Lane also praised the Federation of American Societies of Experimental Biology for its leadership in expressing the need for increases in all scientific disciplines, not just biomedical research. In April, FASEB President David G. Kaufman testified before the House appropriations subcommittee on VA-HUD-Independent Agencies in support of increased NSF funding. Dr. Kaufman told lawmakers on the committee, "Discoveries in physics affect biology; breakthroughs in materials research have a profound impact on medicine; new mathematical approaches enable all the sciences and engineering; and advances in biology propel chemistry and physics. Engineering and computer science provide critical tools upon which all of us depend in our research laboratories. We're all in this marvelous enterprise together."
AIBS thanks Senators for the "Doubling Bill" - AIBS President Alan Covich joined the presidents of the American Physical Society, the American Chemical Society, American Mathematical Society, Ecological Society of America, and 16 other scientific organizations in thanking the senators who co-sponsored the "Doubling Bill," which passed the Senate in July 1999. In a 27 July 2000 letter, the scientific organizations thanked the senators for their support of science and engineering and assured them that the scientific organizations are now working hard to assure passage of the Federal Research Investment Act in the House.
Known formally as the Federal Research Investment Act, S. 296 calls for a substantial increase in investment in federal science and technology research. Agencies that would receive additional funding, if the House passes the bill and if funds are appropriated, include the National Science Foundation, the Department of the Interior, the Smithsonian Institution, and the Environmental Protection Agency. The legislation authorizes total funding increases ranging from $39 billion in fiscal year 2000 to $64 billion in fiscal year 2009. In addition, the National Academy of Sciences would be directed to develop methods for evaluating federally-funded research programs and for terminating programs that do not meet accepted standards. Congresswoman Heather Wilson (R-NM) introduced the House bill (H.R.3161) on 28 October 1999. It is still under consideration by the House Science Committee
The AIBS Legislative Information Center at www.aibs.org lists all the co-sponsors for H.R.3161. If your representative is listed, you might consider writing a letter of thanks! If your representative is not listed, think about writing to ask that he or she co-sponsor this legislation.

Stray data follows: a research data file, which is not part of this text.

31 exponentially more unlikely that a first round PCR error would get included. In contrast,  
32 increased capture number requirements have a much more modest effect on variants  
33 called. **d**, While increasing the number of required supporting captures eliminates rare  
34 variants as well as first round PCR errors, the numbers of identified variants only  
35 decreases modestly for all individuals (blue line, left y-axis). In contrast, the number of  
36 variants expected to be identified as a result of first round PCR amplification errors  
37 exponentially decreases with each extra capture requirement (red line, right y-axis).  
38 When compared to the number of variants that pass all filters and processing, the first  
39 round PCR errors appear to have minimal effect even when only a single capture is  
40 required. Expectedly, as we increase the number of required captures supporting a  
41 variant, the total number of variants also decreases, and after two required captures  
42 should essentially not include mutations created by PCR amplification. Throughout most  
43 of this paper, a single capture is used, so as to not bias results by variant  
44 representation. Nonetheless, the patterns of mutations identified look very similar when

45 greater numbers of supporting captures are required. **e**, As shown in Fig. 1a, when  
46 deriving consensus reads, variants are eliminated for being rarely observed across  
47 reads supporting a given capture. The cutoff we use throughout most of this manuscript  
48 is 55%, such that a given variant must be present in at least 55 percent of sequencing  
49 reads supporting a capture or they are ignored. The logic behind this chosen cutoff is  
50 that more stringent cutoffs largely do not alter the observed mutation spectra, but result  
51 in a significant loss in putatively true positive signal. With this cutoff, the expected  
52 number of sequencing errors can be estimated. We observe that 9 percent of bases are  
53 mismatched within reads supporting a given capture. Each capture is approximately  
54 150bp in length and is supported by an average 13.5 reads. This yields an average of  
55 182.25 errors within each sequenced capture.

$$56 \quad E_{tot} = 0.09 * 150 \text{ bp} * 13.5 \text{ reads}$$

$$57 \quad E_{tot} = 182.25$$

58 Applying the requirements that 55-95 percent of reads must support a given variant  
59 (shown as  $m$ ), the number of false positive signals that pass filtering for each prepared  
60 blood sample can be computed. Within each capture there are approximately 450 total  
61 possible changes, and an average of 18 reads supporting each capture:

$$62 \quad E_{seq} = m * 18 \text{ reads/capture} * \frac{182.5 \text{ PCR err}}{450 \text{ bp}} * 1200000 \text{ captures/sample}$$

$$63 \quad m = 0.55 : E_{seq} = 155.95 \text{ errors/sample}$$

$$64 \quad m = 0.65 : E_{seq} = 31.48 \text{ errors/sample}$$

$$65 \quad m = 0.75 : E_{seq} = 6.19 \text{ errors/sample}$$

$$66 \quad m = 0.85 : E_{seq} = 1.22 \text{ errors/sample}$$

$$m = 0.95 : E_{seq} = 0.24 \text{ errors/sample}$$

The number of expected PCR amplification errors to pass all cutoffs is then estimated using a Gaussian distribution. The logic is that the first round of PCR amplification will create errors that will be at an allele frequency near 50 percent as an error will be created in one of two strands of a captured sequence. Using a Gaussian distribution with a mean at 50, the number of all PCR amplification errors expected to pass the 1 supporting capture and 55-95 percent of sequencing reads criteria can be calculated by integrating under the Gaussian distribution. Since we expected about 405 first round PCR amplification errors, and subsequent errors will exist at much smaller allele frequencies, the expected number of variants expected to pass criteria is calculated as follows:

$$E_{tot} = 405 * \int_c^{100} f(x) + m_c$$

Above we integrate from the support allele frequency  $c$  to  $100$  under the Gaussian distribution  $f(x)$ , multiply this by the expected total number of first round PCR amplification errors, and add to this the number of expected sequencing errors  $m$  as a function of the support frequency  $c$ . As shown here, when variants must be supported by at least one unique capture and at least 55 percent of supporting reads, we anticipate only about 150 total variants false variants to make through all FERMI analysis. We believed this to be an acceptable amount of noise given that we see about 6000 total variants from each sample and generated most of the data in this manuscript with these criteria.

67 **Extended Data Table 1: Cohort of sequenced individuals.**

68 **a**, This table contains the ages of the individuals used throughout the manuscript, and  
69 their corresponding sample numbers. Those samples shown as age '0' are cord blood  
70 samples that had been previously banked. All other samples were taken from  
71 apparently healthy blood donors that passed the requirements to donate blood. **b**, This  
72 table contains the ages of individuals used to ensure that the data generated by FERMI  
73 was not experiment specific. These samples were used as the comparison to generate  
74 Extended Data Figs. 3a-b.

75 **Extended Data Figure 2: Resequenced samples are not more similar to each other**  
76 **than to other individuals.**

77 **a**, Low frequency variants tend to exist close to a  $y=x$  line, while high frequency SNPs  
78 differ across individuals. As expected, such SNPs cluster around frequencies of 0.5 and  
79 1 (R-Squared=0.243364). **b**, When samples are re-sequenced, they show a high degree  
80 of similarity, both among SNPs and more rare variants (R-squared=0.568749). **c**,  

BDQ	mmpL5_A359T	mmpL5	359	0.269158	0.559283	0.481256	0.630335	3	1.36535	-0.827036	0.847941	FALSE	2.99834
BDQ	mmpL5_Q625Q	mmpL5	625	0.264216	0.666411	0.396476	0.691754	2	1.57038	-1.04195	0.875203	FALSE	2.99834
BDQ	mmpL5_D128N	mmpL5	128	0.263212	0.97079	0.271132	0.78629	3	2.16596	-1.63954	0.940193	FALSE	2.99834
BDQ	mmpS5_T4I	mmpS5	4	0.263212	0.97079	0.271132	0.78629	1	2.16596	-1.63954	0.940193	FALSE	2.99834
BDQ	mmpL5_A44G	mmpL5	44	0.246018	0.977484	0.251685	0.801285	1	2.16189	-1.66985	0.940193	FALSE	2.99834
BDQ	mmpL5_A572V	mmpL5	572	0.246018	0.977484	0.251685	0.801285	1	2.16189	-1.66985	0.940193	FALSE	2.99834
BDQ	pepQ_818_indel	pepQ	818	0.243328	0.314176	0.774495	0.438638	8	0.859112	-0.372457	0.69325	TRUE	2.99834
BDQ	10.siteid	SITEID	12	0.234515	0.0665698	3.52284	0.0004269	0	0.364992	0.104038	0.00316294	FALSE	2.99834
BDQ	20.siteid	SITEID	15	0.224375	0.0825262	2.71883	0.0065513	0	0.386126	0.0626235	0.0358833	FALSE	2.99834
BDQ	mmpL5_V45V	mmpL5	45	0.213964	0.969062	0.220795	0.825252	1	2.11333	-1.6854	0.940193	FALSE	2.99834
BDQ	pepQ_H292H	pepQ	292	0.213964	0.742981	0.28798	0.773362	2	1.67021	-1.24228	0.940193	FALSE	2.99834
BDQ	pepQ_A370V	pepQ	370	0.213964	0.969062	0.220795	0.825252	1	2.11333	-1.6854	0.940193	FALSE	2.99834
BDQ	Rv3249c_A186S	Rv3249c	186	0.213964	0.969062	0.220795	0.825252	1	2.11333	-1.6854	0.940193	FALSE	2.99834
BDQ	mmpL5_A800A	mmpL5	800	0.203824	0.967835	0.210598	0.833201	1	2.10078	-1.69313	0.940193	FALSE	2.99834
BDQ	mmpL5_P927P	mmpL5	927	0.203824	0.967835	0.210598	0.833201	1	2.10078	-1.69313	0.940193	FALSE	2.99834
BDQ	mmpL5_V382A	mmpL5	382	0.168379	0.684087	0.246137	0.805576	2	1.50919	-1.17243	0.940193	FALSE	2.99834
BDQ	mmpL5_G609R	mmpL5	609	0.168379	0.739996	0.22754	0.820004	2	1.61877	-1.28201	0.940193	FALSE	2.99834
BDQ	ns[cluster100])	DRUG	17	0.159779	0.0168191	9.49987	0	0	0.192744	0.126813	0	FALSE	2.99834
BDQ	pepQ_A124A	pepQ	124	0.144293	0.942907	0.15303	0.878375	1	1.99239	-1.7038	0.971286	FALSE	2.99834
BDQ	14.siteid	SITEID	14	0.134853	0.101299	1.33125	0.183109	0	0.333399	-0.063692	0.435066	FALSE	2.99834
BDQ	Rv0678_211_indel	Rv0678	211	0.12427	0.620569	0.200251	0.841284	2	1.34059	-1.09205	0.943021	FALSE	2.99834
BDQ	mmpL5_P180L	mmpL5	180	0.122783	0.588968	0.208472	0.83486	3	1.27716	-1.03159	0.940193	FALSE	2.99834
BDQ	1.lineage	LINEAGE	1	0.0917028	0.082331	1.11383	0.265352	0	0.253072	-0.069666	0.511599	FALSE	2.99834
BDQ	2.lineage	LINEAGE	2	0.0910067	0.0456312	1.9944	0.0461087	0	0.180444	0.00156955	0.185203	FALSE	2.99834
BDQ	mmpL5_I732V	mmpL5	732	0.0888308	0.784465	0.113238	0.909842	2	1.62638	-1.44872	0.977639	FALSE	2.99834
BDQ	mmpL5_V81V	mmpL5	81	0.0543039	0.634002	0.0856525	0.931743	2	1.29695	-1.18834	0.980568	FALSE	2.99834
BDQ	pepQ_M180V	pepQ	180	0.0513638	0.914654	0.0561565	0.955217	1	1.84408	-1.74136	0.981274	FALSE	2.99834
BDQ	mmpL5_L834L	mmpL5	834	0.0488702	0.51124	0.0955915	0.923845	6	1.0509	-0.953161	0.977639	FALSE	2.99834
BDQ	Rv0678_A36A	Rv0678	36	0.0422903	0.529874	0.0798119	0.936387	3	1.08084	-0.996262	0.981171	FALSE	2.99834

Ehlers science education bill clears committee One of the three science education bills introduced by Rep. Vernon Ehlers (R-MI) has been passed by the House Science Committee. H.R.4271 - The National Science Education Act:
- provides for master teacher grants to allow schools to hire math and science specialists to help K-8 math and science teachers to develop successful teaching materials and increase their own subject-matter proficiency
- creates a national scholarship to reward teach participation in science, math, engineering, or technology (SMET) research
- establishes a mechanism to inform high school students about the courses they will need in order to teach SMET
- creates a working group to identify excellence in contact scope and sequence in K-12 SMET education and to make that information available on the internet
- requires an evaluation of the use of techology in the classroom
- increases teachers' access to cutting-edge education programs by requiring that NSF-sponsored programs be posted on the NSF website
- provides access to training for middle school teachers so that all students are technologically literate by the time they enter high school
- bolsters rural education opporunities by supporting distance learning components of the SMET grants funded by NSF
- creates a competition for high school and college students to develop education software
- calls for an NSF conference to link members of the private sector involved in SMET education
The bill passed unanimously on 27 July 2000. House Science Committee Chairman F. James Sensenbrenner, Jr. (R-WI) stated, "Congress is acting to address very real shortcomings in U.S. student achievement in the science and math fields. We will suffer in our ability to compete in a global economy if we don't bolster teacher instruction in science and math as well as promote student achievement in these areas." Ranking Member Ralph M. Hall, (D-TX), added that, "This bill will establish programs to address serious deficiencies in the preparation and professional
development of science and math teachers. It will also establish new partnerships between schools and businesses to create greater student interest in science and technology."
The bill has also been referred to the House Education and the Workforce subcommittees on Early Childhood, Youth and Families and Postsecondary Education, Training and Life-Long Learning for consideration.
The American Institute of Biological Sciences is a nonprofit 501(c)(3) scientific association headquartered in Washington DC, with a staff of approximately 30. It was founded in 1947 as a part of the National Academy of Sciences and has been an independent organization since the mid-1950s, governed by a Board of Directors elected by its membership. The AIBS membership consists of approximately 6,000 biologists and 80 professional societies and other organizations; the combined individual membership of the latter exceeds 240,000 biologists. AIBS is an umbrella organization for the biological sciences dedicated to promoting an understanding of the natural living world, including the human species and its welfare, by engaging in coalition activities with its members in research, education, public policy, and public outreach; publishing the peer-reviewed journal, BioScience; providing scientific peer review and advisory services to government agencies and other clients; convening scientific meetings; and performing administrative and other support services for its member organizations.